Coach Joe Fitzgerald Offers Great Advice for High School Athletes

Posted on Jan 7 2018 - 12:43pm by Jeff Pexton

Editor’s Note: The following is the first in a series of monthly articles provided by our friends at O.B. Fitness Training. This piece is submitted by Coach Joe Fitzgerald.

By: Joe Fitzgerald

I didn’t live up to my athletic potential.  I didn’t give it my all.

As a now twenty-five year old this is incredibly painful to say.  I think back to when I was in high school and college and can recognize now that I wasn’t even as close to being as good as I could have been.

 

 

They say that hindsight is 20/20.  Looking back on your life can provide an interesting vantage point for the decisions you made at the time.  Being in a career where I interact on a daily basis with young athletes ranging from middle school through college allows me a chance to pass along some wisdom that I may have picked up when I was in their position.

 

I get to help them with their form on various exercises, explain why we do them and how it can help, and push them harder than they want to go.  On most occasions however, I don’t get to sit down with them to explain the bigger picture.

 

So this is for you guys.  Not just our O.B. Athletes but the high school athlete who thinks getting a little bit of playing time is as good as it will get.

 

This isn’t just for the kid who is unsure if making the team is even going to happen.  This is also for the athlete who is the best player on the team, but in a small town where there has never been any real competition.

 

The D-I dreamer who currently doesn’t even have a D-III work ethic.

 

When you are in high school you have so much more control than you believe.  So hopefully some of these principles will hit home and change the trajectory of an athlete who has more in the tank.   I didn’t live up to my athletic potential but that doesn’t have to be you.

 

 

Principle #1 – Strength Matters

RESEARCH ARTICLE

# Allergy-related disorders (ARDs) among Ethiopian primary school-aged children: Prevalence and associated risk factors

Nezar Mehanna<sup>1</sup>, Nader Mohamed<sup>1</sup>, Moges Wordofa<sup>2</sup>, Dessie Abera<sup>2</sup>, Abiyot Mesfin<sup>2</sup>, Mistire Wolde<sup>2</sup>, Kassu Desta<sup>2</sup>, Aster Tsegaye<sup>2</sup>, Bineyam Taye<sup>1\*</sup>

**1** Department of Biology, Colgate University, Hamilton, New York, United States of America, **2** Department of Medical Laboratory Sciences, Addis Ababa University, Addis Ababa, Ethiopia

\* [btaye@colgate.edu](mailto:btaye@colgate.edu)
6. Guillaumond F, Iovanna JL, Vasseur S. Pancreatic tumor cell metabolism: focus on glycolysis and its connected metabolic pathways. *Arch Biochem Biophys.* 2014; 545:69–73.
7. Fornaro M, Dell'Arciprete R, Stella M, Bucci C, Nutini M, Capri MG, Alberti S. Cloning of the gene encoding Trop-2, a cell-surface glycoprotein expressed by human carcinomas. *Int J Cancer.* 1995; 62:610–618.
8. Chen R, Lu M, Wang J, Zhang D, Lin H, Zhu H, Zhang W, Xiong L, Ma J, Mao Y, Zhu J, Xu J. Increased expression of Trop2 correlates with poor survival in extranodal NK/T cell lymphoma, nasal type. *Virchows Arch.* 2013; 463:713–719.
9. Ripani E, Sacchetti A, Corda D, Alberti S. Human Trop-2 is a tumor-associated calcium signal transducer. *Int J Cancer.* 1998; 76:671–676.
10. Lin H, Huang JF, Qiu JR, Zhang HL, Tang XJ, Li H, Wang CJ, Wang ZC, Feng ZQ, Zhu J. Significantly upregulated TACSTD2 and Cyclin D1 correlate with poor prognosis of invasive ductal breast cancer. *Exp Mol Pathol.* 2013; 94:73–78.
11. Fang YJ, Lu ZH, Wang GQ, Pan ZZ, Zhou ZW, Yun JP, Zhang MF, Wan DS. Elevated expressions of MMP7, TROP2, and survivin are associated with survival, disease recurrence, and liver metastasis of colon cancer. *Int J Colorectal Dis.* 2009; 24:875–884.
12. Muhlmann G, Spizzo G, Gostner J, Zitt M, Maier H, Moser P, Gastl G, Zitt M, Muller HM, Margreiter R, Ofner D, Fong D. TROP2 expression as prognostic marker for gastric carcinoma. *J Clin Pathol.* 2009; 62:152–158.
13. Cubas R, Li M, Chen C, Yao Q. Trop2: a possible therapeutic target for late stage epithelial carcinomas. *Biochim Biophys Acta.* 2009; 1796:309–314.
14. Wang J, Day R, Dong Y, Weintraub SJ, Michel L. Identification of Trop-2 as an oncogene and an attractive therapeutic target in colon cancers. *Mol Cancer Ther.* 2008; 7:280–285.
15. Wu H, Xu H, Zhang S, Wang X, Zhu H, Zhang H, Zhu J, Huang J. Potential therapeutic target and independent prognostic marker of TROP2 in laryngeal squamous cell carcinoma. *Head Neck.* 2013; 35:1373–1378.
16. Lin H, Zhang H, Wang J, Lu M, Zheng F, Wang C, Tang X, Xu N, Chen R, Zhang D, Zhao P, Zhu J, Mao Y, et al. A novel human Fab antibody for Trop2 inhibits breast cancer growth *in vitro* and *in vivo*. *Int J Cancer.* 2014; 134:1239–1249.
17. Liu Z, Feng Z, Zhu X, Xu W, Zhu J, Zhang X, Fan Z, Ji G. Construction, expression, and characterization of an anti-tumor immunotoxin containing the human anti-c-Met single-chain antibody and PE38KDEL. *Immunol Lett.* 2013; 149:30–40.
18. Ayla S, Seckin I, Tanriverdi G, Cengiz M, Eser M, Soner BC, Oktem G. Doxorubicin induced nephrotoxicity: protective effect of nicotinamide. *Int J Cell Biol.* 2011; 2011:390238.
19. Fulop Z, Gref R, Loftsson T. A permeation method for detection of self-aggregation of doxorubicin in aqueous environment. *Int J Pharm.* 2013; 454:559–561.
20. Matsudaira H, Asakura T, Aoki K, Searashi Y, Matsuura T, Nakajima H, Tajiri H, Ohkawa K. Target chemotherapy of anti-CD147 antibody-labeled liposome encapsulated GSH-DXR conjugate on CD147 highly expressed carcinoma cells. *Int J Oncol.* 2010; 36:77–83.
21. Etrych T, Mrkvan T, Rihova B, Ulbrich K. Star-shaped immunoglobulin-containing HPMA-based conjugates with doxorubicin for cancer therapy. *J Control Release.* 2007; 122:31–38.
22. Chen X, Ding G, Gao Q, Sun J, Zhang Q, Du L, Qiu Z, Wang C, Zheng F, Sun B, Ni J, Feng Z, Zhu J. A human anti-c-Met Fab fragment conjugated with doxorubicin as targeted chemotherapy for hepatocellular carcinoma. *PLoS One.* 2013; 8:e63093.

As a freshman and sophomore in high school I would see some of the older guys in the weight room squatting what I thought was an impossible amount of weight.  Granted, most of them were football linemen who were roughly twice my bodyweight, but still to me it was incredible.

 

Fast forward to my senior year and I was still lifting roughly the same weight I was when I started high school.

 

What happened?  Was working out a total waste of my time?

 

The answer of course is a resounding no.  But what I was doing was absolutely a waste.  I thought just going in there and doing a few sets of this and that, texting and basically just hanging out with my buddies was going to make me strong.

 

I had no plan.  There was no structure.  Just clocking in and clocking out, with no system of checking if any progress was being made.

 

 

In my head I was pretty good on the field and didn’t need to work hard in the gym to improve physically.

 

When I got to college I was very quickly put in my place both on the field and in our athletic weight room.  Competition got more intense and it was our athletic trainer who pointed out to me how haphazard my “workouts” really were.

 

After beginning an organized strength program my numbers in the gym improved drastically but more importantly my on-field performance was totally different.

 

Working with a ton of high school athletes I very often see this same attitude where the belief that working on specific sport skills trumps developing a solid foundation of physical strengths.  I would never say that practicing your sport is not important, but if you aren’t strong or fast enough to be able to compete on the field there are no amount of fancy skills that will help you.

 

Strength matters, and given similar skillsets the stronger and faster athlete is going to win every time.

 

Take some time to get bigger, faster, and stronger and you will accomplish things on the field that you never thought possible.

 

 

Principle #2 – What You Put In Is What You Will Get Out

 

I remember walking with the guys to go to a local pizzeria before every lacrosse game in middle school.  Looking back this is absolutely baffling to me, but talking to the athletes I work with now it doesn’t seem so far-fetched.

 

Nutrition is such a big component in the fitness world.  Whether you are trying to gain or lose weight, take your performance to the next level, or just be healthier in general, there is no getting around the fact that food is what fuels you.

 

 

While breaking down what to eat and when is outside of the scope of this piece there is still reason to bring it up.  I’ve seen kids go from being lethargic and lacking energy all day to switching up their food intake and becoming a totally different athlete.

 

Most of the time overeating isn’t a problem for the athletes I work with.  Encouraging them to eat more is the norm, and a phenomenal problem to run into.  The reality is that the combination of “traditional” breakfast foods, nutrient deficient school lunches, and the American dinner everyone thinks of are not enough to fuel a competitive athlete.

 

I hear time and time again when I ask about the diet of the athletes that I work with that they wake up and eat some cereal, wait 5 hours to eat again and get whatever the school offers, and then oftentimes go that same amount of time before eating something mom or dad bought, or even worse.